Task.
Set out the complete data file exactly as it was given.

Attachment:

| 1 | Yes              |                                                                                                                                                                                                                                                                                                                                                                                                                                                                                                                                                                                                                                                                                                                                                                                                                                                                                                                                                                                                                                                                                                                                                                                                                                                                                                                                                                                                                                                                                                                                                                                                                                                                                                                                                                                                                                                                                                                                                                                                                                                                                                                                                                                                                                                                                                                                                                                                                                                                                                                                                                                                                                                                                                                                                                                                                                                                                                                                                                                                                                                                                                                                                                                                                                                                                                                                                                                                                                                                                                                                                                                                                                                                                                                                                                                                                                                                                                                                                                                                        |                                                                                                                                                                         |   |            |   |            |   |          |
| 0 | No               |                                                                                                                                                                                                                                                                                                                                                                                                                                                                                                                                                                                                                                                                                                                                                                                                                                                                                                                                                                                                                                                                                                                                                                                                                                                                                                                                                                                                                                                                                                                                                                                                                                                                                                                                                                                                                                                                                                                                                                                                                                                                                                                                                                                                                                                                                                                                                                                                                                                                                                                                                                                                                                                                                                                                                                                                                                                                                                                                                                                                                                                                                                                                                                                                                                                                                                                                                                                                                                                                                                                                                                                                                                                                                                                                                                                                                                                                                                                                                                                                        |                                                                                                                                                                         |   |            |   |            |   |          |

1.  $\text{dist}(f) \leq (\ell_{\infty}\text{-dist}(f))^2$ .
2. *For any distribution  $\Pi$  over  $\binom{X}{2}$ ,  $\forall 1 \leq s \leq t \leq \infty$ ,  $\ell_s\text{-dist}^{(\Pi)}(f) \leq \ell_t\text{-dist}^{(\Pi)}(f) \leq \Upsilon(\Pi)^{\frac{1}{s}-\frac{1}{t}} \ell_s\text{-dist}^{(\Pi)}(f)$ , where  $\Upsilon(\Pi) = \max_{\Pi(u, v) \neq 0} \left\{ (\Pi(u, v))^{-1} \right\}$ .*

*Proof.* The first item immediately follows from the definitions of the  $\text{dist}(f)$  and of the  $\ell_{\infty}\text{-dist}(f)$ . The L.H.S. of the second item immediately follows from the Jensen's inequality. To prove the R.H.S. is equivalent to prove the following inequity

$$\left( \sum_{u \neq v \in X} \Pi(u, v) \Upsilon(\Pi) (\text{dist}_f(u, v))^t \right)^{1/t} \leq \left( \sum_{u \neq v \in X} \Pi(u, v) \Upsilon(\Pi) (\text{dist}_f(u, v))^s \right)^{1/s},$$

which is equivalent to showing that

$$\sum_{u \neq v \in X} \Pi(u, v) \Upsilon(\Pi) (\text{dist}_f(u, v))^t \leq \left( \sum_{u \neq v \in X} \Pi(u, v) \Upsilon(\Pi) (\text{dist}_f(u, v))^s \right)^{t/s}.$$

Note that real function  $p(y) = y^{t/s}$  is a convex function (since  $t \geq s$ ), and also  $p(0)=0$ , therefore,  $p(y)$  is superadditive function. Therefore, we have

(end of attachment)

| 1 | Yes              |                                                                                                                                                                                                                                                                                                                                                                                                                                                                                                                                                                                                                                                                                                                                                                                                                                                                                                                                                                                                                                                                                                                                                                                                                                                                                                                                                                                                                                                                                                                                                                                                                                                                                                                                                                                                                                                                                                                                                                                                                                                                                                                                                                                                                                                                                                                                                                                                                                                                                                                                                                                                                                                                                                                                                                                                                                                                                                                                                                                                                                                                                                                                                                                                                                                                                                                                                                                                                                                                                                                                                                                                                                                                                                                                                                                                                                                                                                                                                                                                        |                                                                                                                                                                         |   |            |   |            |   |          |
| 0 | No               |                                                                                                                                                                                                                                                                                                                                                                                                                                                                                                                                                                                                                                                                                                                                                                                                                                                                                                                                                                                                                                                                                                                                                                                                                                                                                                                                                                                                                                                                                                                                                                                                                                                                                                                                                                                                                                                                                                                                                                                                                                                                                                                                                                                                                                                                                                                                                                                                                                                                                                                                                                                                                                                                                                                                                                                                                                                                                                                                                                                                                                                                                                                                                                                                                                                                                                                                                                                                                                                                                                                                                                                                                                                                                                                                                                                                                                                                                                                                                                                                        |                                                                                                                                                                         |   |            |   |            |   |          |

1.  $\text{dist}(f) \leq (\ell_{\infty}\text{-dist}(f))^2$ .
2. *For any distribution  $\Pi$  over  $\binom{X}{2}$ ,  $\forall 1 \leq s \leq t \leq \infty$ ,  $\ell_s\text{-dist}^{(\Pi)}(f) \leq \ell_t\text{-dist}^{(\Pi)}(f) \leq \Upsilon(\Pi)^{\frac{1}{s}-\frac{1}{t}} \ell_s\text{-dist}^{(\Pi)}(f)$ , where  $\Upsilon(\Pi) = \max_{\Pi(u, v) \neq 0} \left\{ (\Pi(u, v))^{-1} \right\}$ .*

*Proof.* The first item immediately follows from the definitions of the  $\text{dist}(f)$  and of the  $\ell_{\infty}\text{-dist}(f)$ . The L.H.S. of the second item immediately follows from the Jensen's inequality. To prove the R.H.S. is equivalent to prove the following inequity

$$\left( \sum_{u \neq v \in X} \Pi(u, v) \Upsilon(\Pi) (\text{dist}_f(u, v))^t \right)^{1/t} \leq \left( \sum_{u \neq v \in X} \Pi(u, v) \Upsilon(\Pi) (\text{dist}_f(u, v))^s \right)^{1/s},$$

which is equivalent to showing that

$$\sum_{u \neq v \in X} \Pi(u, v) \Upsilon(\Pi) (\text{dist}_f(u, v))^t \leq \left( \sum_{u \neq v \in X} \Pi(u, v) \Upsilon(\Pi) (\text{dist}_f(u, v))^s \right)^{t/s}.$$

Note that real function  $p(y) = y^{t/s}$  is a convex function (since  $t \geq s$ ), and also  $p(0)=0$ , therefore,  $p(y)$  is superadditive function. Therefore, we have